Additions to the antilibrary

06D82D56-40B9-4428-BE1A-8DDD05BABF4BI have reduced my active reading stack to one rustic box and one bedside shelf, so more than anything, these posts serve as a virtual TBR. Acquisitions are logged, then shelved, which satisfies both the reader and the neatnik in me.

Elsewhere, folks are discussing an article by Simon Fraser University professor Hannah Macgregor, “Liking Books Is Not a Personality.” The piece is thought-provoking, and the conversation it inspired was terrific, too. My acquisition process has become more stringent with each passing year, and my weeding is rigorous, too. The shelf space is finite, so the volumes in the permanent collection either “spark joy” or serve the antilibrary definition ascribed to Umberto Eco early in Nassim Nicholas Taleb’s The Black Swan: The Impact of the Highly Improbable:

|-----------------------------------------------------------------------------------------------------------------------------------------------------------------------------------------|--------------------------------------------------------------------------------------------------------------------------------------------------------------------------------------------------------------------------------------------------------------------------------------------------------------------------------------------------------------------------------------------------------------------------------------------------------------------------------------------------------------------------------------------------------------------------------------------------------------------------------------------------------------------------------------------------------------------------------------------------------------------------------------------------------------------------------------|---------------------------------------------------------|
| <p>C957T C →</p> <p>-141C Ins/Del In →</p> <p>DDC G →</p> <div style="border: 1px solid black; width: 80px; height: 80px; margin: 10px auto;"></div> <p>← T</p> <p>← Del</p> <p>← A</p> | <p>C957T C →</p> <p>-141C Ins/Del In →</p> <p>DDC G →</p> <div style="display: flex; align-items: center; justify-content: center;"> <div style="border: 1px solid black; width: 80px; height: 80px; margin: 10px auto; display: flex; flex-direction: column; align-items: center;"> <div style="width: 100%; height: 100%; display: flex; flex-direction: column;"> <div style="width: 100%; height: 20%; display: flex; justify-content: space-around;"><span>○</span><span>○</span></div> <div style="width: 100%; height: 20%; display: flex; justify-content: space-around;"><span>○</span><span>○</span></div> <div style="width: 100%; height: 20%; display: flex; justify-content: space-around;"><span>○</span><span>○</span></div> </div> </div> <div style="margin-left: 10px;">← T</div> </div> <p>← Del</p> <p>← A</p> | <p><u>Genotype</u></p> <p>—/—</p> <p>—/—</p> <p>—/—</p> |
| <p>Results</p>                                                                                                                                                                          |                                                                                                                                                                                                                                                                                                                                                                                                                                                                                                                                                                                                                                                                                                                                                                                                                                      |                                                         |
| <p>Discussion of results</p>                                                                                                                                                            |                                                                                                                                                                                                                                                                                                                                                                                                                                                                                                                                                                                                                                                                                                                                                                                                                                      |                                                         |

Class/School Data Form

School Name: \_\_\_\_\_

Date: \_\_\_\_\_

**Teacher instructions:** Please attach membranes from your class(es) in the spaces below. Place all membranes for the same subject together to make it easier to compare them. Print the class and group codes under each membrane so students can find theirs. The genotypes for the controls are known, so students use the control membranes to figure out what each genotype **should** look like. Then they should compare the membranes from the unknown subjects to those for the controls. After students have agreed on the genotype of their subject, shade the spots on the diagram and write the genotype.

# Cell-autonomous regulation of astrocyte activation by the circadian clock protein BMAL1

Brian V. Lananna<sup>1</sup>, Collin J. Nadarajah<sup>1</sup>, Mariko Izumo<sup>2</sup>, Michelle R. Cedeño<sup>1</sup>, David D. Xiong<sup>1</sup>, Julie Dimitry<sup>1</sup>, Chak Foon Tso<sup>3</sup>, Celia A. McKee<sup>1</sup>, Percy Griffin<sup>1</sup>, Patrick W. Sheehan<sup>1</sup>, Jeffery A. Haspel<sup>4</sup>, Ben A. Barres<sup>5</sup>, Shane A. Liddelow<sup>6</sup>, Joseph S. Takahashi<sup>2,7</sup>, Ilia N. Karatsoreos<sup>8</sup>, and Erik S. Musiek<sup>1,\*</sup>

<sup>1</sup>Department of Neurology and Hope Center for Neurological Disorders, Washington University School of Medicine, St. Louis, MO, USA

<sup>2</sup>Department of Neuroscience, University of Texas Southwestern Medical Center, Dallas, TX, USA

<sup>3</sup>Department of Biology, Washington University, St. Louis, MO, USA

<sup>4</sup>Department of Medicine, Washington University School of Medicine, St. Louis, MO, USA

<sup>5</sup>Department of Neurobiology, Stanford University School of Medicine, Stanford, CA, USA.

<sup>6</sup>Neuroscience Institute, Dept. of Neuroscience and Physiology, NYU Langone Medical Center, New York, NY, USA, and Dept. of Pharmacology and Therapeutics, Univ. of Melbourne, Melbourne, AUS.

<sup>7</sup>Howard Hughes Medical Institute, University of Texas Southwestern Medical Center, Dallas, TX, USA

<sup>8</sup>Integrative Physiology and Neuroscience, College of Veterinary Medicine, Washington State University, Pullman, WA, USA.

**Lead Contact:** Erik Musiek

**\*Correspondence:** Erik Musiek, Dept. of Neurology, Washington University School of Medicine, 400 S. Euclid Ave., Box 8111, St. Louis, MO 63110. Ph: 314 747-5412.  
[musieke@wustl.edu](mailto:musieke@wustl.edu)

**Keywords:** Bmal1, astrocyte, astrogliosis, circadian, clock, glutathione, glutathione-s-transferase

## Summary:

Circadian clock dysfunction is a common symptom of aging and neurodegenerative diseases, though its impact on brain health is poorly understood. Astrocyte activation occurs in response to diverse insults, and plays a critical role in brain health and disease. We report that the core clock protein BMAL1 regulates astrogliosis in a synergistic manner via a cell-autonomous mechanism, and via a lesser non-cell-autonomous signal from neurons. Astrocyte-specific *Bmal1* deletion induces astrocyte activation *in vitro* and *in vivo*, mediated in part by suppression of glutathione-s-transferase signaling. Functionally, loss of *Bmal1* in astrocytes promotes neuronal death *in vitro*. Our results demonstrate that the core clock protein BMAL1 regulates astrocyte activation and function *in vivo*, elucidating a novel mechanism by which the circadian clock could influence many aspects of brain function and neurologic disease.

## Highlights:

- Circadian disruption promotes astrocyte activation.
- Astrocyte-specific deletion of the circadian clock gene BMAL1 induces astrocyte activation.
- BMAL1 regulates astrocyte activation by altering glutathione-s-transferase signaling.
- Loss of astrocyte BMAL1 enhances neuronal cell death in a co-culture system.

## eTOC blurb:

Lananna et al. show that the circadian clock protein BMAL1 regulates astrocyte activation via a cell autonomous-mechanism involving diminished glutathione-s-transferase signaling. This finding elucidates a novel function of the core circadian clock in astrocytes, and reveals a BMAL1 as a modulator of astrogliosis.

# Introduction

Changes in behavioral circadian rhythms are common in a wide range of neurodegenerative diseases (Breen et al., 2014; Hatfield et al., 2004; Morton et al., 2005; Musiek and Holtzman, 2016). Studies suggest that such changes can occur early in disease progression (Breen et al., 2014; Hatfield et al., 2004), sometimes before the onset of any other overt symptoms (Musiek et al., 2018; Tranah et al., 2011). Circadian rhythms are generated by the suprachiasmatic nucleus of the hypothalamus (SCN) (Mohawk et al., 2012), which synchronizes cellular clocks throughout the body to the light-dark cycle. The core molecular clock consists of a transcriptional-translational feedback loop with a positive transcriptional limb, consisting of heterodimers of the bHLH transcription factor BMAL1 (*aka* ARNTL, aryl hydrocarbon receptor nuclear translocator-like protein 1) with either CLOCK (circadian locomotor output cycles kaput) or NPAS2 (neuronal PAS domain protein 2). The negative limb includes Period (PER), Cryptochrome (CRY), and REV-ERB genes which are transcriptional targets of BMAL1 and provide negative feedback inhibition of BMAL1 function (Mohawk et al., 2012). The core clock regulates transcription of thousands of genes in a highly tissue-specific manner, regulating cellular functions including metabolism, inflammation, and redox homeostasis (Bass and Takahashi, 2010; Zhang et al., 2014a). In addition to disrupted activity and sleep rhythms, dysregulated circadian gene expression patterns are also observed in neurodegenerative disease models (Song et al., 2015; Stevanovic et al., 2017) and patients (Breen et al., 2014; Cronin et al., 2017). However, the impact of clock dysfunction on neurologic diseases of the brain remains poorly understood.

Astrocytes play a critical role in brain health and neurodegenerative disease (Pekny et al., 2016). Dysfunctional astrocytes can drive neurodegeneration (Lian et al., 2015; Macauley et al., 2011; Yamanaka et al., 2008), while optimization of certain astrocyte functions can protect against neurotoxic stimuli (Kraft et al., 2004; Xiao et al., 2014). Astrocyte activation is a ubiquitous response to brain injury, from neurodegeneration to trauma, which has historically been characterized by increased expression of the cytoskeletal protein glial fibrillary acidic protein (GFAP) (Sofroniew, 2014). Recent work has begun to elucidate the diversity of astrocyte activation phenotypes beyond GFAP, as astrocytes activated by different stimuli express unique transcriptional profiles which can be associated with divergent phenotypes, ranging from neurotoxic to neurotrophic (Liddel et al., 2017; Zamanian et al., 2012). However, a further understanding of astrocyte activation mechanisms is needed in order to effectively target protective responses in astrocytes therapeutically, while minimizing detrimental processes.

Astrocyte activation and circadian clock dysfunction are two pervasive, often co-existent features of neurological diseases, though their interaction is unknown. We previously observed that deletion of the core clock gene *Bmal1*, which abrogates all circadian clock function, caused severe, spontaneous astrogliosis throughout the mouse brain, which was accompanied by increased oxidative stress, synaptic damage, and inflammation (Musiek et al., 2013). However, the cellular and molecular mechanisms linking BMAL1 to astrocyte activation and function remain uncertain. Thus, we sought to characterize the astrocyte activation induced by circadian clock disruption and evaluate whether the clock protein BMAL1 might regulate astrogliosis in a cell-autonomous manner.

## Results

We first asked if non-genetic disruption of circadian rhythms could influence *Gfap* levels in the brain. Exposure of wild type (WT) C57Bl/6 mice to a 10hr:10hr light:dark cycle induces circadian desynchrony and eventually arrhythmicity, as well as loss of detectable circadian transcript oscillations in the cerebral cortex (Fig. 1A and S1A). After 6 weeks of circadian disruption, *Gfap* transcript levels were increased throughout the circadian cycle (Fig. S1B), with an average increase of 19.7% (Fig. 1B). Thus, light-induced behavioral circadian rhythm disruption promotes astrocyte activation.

The writer Umberto Eco belongs to that small class of scholars who are encyclopedic, insightful, and nondull. He is the owner of a large personal library (containing thirty thousand books), and separates visitors into two categories: those who react with “Wow! Signore professore dottore Eco, what a library you have! How many of these books have you read?” and the others — a very small minority — who get the point that a private library is not an ego-boosting appendage but a research tool. Read books are far less valuable than unread ones. The library should contain as much of what you do not know as your financial means, mortgage rates, and the currently tight real-estate market allows you to put there. You will accumulate more knowledge and more books as you grow older, and the growing number of unread books on the shelves will look at you menacingly. Indeed, the more you know, the larger the rows of unread books. Let us call this collection of unread books an antilibrary.

Have you seen this clip of Eco walking through his vast collection?

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